Because of restrictive copyright policies, academic research is too often kept from serving its intended purpose of informing and improving the world. So it was exciting when the World Bank instituted an open access policy in 2012. The resulting Open Knowledge Repository has released thousands of publications freely under Creative Commons licenses.
“There have been over two million downloads since the launch of the repository,” says Carlos Rossel, leader of the Bank’s open access initiative. Additionally, Carlos has discovered that a large majority of academics he’s surveyed have assigned resources from the repository to their classes, a fact he attributes to the research’s free availability. Carlos says the authors are happy too. “They can see how many times —– and from where — their research articles have been downloaded.”
In April of 2012, the World Bank adopted an open access policy, requiring that all outputs and knowledge published by the Bank be licensed under Creative Commons licenses, which allow others to use and republish the research. Since then, the World Bank’s Open Knowledge Repository has released thousands of publications freely and openly and become one of the most important hubs for economic scholarship in the world.
Research produced in-house is licensed under the CC Attribution (CC BY) license, and works produced by third parties are under the more restrictive Attribution-NonCommercial-NoDerivatives (CC BY-NC-ND) license. No matter which license it’s under, all of the research is openly available and free to read and download. There are now over 13,200 publications available for free download in the repository.
Carlos Rossel, publisher at the World Bank and leader of the Bank’s open access initiative, says that the reaction from staff and researchers to the open access policy has been very positive. “There have been over two million downloads since the launch of the repository,” says Carlos. “And the open access repository itself has been a benefit for authors, who can see how many times — and from where — their research articles have been downloaded.”
Carlos said that he recently took a look at the Open Knowledge Repository collection in preparation for a talk. He noticed that one of the books available there — a microfinance handbook — had been downloaded over 30,000 times from the repository. Since he was curious about how else the book might be distributed or used, he decided to do a Google search on the book, and noted within the first two pages of results that the book was also being hosted on another website. Carlos was pleased to see that the book is just getting out there via another channel — the point of research in the first place.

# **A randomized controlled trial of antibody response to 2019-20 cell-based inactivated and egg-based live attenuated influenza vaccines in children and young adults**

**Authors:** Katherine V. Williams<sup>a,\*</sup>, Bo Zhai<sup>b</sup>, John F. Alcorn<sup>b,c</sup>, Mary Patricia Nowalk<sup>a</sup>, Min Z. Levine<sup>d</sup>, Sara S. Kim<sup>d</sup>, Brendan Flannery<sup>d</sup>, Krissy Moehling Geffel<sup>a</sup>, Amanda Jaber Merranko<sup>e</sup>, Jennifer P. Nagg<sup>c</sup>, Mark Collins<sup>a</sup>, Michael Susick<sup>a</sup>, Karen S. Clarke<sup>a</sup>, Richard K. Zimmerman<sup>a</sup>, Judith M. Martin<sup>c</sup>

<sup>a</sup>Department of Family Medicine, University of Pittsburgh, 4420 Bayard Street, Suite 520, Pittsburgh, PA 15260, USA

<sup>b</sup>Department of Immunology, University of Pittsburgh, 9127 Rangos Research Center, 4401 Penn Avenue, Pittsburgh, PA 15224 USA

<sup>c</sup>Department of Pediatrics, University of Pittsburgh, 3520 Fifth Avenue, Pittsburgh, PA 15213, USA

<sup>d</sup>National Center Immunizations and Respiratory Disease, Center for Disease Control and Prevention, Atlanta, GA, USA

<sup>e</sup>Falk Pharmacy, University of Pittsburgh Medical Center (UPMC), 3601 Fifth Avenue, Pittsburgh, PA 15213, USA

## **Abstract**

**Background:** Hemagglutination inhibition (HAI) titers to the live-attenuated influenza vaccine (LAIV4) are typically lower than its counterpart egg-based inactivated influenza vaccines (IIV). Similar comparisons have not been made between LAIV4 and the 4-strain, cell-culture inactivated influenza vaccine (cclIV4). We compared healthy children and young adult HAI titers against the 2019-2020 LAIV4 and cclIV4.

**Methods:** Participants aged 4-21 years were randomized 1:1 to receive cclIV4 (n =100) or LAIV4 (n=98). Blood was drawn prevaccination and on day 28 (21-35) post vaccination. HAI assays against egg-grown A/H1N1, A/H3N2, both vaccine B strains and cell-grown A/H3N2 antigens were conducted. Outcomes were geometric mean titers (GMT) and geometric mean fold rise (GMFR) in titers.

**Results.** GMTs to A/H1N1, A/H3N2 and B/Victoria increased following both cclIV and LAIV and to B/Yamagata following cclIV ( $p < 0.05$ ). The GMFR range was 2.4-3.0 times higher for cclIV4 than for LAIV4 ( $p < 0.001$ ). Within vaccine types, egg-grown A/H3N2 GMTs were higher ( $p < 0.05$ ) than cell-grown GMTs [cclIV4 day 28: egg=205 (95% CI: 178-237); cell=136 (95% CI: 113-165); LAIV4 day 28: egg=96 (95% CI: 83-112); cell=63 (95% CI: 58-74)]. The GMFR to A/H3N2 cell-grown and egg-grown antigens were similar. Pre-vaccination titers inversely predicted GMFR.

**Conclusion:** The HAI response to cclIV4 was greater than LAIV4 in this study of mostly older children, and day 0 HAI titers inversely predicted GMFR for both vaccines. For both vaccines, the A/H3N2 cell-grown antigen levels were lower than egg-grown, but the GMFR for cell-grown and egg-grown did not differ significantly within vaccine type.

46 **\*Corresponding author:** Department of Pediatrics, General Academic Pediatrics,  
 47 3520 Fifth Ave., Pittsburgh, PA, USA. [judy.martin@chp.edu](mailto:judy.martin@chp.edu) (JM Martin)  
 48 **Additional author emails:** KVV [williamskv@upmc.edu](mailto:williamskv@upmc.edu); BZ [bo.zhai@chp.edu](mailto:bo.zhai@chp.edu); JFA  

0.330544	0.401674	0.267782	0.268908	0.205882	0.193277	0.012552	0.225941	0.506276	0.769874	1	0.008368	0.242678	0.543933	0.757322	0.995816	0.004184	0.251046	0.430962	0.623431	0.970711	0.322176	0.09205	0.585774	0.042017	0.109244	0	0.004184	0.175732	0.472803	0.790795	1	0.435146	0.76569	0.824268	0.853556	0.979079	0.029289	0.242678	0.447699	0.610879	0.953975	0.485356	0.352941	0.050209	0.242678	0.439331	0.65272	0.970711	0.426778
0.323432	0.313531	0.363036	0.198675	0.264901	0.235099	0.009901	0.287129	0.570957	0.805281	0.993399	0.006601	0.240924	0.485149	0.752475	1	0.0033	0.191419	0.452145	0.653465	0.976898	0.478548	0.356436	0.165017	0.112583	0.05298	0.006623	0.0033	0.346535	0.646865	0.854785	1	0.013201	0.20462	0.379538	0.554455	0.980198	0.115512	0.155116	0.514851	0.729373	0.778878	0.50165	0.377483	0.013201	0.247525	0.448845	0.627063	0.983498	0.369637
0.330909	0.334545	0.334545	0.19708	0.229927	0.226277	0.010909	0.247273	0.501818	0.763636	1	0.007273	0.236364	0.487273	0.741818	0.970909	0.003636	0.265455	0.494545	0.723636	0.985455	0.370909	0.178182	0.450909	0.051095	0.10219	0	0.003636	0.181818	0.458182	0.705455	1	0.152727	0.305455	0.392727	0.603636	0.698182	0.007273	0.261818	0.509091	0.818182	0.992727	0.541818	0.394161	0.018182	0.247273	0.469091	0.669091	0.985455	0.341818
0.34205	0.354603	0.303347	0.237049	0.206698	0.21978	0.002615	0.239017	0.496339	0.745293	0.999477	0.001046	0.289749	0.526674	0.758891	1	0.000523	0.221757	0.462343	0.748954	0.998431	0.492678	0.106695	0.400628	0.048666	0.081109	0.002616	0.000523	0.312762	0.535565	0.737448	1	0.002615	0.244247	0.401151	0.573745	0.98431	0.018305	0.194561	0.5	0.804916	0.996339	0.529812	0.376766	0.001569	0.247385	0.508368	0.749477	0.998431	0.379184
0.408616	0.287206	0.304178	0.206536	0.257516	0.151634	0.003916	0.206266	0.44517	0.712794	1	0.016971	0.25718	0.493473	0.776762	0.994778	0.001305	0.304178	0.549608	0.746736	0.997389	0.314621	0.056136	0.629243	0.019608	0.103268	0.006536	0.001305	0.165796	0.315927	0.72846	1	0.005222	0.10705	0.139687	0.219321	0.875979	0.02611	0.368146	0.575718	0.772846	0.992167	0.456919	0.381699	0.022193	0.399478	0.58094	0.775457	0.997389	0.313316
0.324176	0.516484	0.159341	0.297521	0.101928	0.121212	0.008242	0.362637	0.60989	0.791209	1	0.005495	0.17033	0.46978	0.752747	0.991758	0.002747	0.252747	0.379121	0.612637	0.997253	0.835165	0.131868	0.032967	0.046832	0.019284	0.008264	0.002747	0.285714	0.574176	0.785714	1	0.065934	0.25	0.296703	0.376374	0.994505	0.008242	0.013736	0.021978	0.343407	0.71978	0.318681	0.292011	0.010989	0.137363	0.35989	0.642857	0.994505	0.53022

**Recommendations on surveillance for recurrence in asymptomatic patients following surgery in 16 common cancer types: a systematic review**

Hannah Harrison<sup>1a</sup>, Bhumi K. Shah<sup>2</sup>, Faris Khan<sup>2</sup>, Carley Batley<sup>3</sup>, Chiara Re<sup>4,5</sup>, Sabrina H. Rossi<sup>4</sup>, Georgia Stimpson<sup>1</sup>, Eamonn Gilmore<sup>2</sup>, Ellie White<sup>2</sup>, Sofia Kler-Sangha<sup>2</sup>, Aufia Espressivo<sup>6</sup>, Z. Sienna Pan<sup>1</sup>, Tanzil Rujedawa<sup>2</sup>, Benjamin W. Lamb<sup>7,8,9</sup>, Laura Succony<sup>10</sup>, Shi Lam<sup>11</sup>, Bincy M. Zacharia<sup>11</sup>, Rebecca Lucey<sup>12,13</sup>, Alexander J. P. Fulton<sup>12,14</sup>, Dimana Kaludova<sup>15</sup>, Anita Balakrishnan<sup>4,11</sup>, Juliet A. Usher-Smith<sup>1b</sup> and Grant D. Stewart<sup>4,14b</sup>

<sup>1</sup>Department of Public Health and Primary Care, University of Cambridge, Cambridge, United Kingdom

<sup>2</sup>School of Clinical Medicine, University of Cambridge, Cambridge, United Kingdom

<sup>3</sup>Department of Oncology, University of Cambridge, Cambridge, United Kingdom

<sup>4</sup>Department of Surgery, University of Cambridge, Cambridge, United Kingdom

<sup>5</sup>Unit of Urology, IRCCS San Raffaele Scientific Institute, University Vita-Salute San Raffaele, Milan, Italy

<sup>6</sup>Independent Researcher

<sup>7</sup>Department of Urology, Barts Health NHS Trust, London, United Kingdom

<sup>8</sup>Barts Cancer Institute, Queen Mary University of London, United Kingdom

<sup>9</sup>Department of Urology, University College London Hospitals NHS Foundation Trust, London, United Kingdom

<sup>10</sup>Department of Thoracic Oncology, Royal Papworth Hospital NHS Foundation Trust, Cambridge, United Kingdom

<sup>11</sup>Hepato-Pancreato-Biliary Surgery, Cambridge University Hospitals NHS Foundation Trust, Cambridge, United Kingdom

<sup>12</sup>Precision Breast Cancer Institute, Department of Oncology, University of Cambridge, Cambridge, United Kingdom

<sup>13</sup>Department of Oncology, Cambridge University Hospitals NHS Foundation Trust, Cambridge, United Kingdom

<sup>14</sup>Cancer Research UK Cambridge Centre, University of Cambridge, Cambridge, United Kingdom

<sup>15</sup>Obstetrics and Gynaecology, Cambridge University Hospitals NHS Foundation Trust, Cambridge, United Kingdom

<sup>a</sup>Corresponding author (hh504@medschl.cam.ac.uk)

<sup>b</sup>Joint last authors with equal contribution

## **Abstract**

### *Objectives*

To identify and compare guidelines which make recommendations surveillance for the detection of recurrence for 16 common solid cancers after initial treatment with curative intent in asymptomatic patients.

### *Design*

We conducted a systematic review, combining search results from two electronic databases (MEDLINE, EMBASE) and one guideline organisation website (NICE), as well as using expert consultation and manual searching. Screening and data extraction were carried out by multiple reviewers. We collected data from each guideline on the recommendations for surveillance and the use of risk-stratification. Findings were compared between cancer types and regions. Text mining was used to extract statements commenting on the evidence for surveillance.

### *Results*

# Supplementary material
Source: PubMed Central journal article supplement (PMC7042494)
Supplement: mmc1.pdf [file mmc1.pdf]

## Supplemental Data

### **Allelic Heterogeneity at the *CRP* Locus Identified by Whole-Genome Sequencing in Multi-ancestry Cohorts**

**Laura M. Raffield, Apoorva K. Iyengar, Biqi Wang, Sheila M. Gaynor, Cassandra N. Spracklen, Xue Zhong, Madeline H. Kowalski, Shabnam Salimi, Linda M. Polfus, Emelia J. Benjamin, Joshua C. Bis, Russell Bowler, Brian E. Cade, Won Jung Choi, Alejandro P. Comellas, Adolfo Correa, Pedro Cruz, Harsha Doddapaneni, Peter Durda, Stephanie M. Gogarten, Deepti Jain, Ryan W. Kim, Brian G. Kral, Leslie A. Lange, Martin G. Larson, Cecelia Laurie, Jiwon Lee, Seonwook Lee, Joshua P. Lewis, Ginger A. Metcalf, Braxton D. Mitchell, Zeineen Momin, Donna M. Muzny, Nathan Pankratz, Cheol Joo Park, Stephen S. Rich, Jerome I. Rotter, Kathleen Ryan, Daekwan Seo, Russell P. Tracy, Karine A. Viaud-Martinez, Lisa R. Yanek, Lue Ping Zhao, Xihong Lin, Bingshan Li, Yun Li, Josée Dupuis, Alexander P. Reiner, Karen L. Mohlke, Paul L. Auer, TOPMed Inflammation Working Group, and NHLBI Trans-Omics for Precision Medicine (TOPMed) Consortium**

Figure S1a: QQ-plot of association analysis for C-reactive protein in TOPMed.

The Bank recently conducted a worldwide survey that asked several questions related to the its open access policy and Open Knowledge Repository. The results showed that 71% of academics surveyed had assigned resources from the repository as reading materials for their classes. Carlos assumes that these professors are creating course packs or otherwise directing their students to the free, openly-licensed materials on the Bank’s website, since they’re high-quality and free of charge. More generally, 74% of all respondents said they were more likely to use the content in the repository knowing that it was available for free under open licenses.
Simply providing free public access to publications is a huge benefit to the populations served by the Bank. Creative Commons licenses are making it easier for the publications to spread across the web and inform the work of future researchers.
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Carlos Rossel (Team Open) was written by Timothy Vollmer for Creative Commons. This work is licensed under a Creative Commons Attribution 4.0 International License.
The illustration of Carlos Rossel was created by Luke Surl. To the extent possible under the law, Luke Surl has waived all copyright and related or neighboring rights under the CC0 Public Domain Declaration.